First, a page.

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'[PIC]: Driving multiple PWM outputs from 1 PIC'
2003\02\05@005859 by Ian McLean

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Hello all,

I am rather new to this list, so I hope my question does not seem to dumb to
you all, but here goes...

Is it possible to drive more than one PWM output at different duty cycles
from the one PWM output pin (CCP1) on the PIC16F877 ?  This would be to
control two Peltier devices from the one PIC.  If so, can anyone give me a
suggestion on how to do this - I am not very keen on "emulating" PWM on
another port pin as timing then becomes too critical a factor - or am I
wrong here too?  I am seriously running out of available port pins on the
PIC in my current project.  To get two fan speed sensors running, I have
gone to the trouble of NAND gating the two pulses into Timer1 using a port B
pin to switch the gate between the two inputs.  At the moment I am seriously
considering using two PICS joined by SSP to do the job, but that seems to be
massive overkill.  Any suggestions anyone ?

Regards
Ian McLean

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2003\02\05@013441 by Brent Brown

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On 5 Feb 2003 at 16:49, Ian McLean wrote:

> Hello all,
>
> I am rather new to this list, so I hope my question does not seem to
> dumb to you all, but here goes...
>
> Is it possible to drive more than one PWM output at different duty
> cycles from the one PWM output pin (CCP1) on the PIC16F877 ?  This
> would be to control two Peltier devices from the one PIC.  If so, can
> anyone give me a suggestion on how to do this - I am not very keen on
> "emulating" PWM on another port pin as timing then becomes too
> critical a factor - or am I wrong here too?  I am seriously running
> out of available port pins on the PIC in my current project.  To get
> two fan speed sensors running, I have gone to the trouble of NAND
> gating the two pulses into Timer1 using a port B pin to switch the
> gate between the two inputs.  At the moment I am seriously considering
> using two PICS joined by SSP to do the job, but that seems to be
> massive overkill.  Any suggestions anyone ?

There are two PWM outputs on the 877, CCP1 and CCP2. Splitting the
use of one of these would almost certainly require another PIC pin to
switch some external circuit, and you say you don't have enough I/O.

Anyway, one way to do it, the assumption being you are converting the
PWM signal to analog to drive something, is a CMOS switch controlled
by a spare PIC pin switching the PWM signal alternately into two RC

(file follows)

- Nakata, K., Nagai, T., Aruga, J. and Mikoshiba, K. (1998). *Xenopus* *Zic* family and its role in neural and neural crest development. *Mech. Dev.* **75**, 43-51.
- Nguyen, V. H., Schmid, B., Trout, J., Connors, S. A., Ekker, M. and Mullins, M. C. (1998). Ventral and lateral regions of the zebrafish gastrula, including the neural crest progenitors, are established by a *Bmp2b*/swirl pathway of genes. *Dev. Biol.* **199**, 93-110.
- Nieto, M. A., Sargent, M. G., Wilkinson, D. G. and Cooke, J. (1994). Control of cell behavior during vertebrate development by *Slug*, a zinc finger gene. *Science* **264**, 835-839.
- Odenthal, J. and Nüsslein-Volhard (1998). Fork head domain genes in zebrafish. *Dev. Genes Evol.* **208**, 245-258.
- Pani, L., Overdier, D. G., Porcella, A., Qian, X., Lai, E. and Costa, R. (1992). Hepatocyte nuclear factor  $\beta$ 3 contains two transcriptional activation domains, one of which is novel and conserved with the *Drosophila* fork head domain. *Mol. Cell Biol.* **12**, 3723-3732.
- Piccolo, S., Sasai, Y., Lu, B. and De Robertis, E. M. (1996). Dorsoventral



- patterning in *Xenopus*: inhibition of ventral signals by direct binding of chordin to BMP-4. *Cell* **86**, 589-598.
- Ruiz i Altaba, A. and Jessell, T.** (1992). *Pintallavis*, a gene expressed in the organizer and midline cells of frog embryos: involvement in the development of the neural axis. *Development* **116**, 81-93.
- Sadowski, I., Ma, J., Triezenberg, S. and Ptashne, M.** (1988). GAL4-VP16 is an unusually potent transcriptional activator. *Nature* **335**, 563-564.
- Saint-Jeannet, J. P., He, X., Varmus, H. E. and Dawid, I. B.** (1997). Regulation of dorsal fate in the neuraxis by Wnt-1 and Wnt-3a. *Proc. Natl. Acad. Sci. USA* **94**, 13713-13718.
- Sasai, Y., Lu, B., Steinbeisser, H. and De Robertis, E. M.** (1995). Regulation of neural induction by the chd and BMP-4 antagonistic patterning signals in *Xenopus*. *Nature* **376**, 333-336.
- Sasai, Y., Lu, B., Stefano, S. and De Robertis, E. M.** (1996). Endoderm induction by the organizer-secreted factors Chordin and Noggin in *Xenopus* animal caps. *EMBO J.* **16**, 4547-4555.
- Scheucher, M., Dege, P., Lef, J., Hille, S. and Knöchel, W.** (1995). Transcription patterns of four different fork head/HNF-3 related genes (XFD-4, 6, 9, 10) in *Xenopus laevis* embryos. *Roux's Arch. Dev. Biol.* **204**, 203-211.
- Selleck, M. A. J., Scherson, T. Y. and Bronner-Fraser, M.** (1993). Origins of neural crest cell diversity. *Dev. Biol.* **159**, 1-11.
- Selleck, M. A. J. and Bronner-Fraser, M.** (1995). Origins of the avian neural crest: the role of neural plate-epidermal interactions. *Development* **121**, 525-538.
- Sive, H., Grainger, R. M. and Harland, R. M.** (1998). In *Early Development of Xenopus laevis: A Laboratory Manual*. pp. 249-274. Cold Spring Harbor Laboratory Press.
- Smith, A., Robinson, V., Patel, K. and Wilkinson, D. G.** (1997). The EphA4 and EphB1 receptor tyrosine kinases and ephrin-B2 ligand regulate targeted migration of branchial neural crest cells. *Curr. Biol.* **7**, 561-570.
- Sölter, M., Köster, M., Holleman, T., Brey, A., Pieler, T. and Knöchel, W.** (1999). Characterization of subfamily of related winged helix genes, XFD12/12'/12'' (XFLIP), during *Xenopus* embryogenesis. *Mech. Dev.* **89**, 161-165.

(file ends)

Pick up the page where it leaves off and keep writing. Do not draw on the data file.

filters followed by Op Amp buffers. When the switch leaves one RC
input open it works like a sample and hold circuit.

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2003\02\05@042518 by Ian McLean

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Thanks for the advise - this prompted me to read a little deeper into the
datasheet on the f877 and a little entry in a table made it all clear.
CCPx  CCPy
PWM   PWM   - The PWMs will have the same frequency, and update rate (TMR2
interrupt).

The tables in the datasheet make it clear - but NOT the paragraph on PWM -
this only refers to CCP1 - and that confused me ...
"In Pulse Width Modulation (PWM) mode, the CCP1 pin
produces up to a 10-bit resolution PWM output. Since
the CCP1 pin is multiplexed with the PORTC data latch,
the TRISC<2> bit must be cleared to make the CCP1
pin an output."

I should have read the tables closer.  AFter reading this paragraph,
something in my head convinced me that CCP2 was for Capture/Compare only.

I thought my question might have been an ignorant one - and I was right.

Having two PWM modules solves my problem.  They both run off the Timer2
interrupt at the same Period but that is perfect for my application as I am
driving two of the same devices - and I only need to be able to set
different duty cycles.

Thanks for setting me straight.  That is something new about the f877 I have
learnt today - read the datasheet CLOSELY.


{Original Message removed}

2003\02\05@084430 by Olin Lathrop

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> Is it possible to drive more than one PWM output at different duty
cycles
> from the one PWM output pin (CCP1) on the PIC16F877 ?

Of course not!  How do you expect to get two PWM output streams from one
pin!!?

> This would be to
> control two Peltier devices from the one PIC.

By the way, Peltier devices are badly suited to be driven via PWM.  Their
inefficiency goes up with the drive level, so you want to use the lowest
drive level possible, which means continuous operation.  In other words,
continuous 50% is more efficient than half full on and half off.  You can
still use PWM from the PIC to control this, but it should be filtered so
that the Peltier device sees a reasonably constant level.


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2003\02\05@090259 by Wouter van Ooijen

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> By the way, Peltier devices are badly suited to be driven via
> PWM.

IIRC Peltier devices are heat pumps? If so their action is inherently